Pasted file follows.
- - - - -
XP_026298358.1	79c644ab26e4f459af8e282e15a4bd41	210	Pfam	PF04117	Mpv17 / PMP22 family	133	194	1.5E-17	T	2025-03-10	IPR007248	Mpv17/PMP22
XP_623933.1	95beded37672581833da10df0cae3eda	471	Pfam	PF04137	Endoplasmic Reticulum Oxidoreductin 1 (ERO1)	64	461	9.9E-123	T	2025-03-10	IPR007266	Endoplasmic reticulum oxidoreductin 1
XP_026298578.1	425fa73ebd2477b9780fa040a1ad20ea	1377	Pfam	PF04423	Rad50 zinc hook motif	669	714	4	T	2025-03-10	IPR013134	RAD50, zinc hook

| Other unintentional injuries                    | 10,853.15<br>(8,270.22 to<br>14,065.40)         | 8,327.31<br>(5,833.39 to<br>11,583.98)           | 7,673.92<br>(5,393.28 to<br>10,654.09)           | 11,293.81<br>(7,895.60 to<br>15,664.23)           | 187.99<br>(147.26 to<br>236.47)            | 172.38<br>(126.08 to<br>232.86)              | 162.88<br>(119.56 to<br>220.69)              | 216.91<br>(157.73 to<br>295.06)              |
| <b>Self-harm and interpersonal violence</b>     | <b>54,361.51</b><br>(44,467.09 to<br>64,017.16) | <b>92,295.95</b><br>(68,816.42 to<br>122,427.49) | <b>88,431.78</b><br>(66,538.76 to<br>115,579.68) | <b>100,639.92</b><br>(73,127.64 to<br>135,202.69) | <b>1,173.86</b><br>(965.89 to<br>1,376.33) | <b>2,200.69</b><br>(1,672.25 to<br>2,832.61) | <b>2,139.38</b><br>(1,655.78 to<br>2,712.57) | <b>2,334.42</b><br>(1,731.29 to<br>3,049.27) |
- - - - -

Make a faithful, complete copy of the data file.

XP_026298358.1	79c644ab26e4f459af8e282e15a4bd41	210	Pfam	PF04117	Mpv17 / PMP22 family	133	194	1.5E-17	T	2025-03-10	IPR007248	Mpv17/PMP22
XP_623933.1	95beded37672581833da10df0cae3eda	471	Pfam	PF04137	Endoplasmic Reticulum Oxidoreductin 1 (ERO1)	64	461	9.9E-123	T	2025-03-10	IPR007266	Endoplasmic reticulum oxidoreductin 1
XP_026298578.1	425fa73ebd2477b9780fa040a1ad20ea	1377	Pfam	PF04423	Rad50 zinc hook motif	669	714	4	T	2025-03-10	IPR013134	RAD50, zinc hook

| Other unintentional injuries                    | 10,853.15<br>(8,270.22 to<br>14,065.40)         | 8,327.31<br>(5,833.39 to<br>11,583.98)           | 7,673.92<br>(5,393.28 to<br>10,654.09)           | 11,293.81<br>(7,895.60 to<br>15,664.23)           | 187.99<br>(147.26 to<br>236.47)            | 172.38<br>(126.08 to<br>232.86)              | 162.88<br>(119.56 to<br>220.69)              | 216.91<br>(157.73 to<br>295.06)              |
| <b>Self-harm and interpersonal violence</b>     | <b>54,361.51</b><br>(44,467.09 to<br>64,017.16) | <b>92,295.95</b><br>(68,816.42 to<br>122,427.49) | <b>88,431.78</b><br>(66,538.76 to<br>115,579.68) | <b>100,639.92</b><br>(73,127.64 to<br>135,202.69) | <b>1,173.86</b><br>(965.89 to<br>1,376.33) | <b>2,200.69</b><br>(1,672.25 to<br>2,832.61) | <b>2,139.38</b><br>(1,655.78 to<br>2,712.57) | <b>2,334.42</b><br>(1,731.29 to<br>3,049.27) |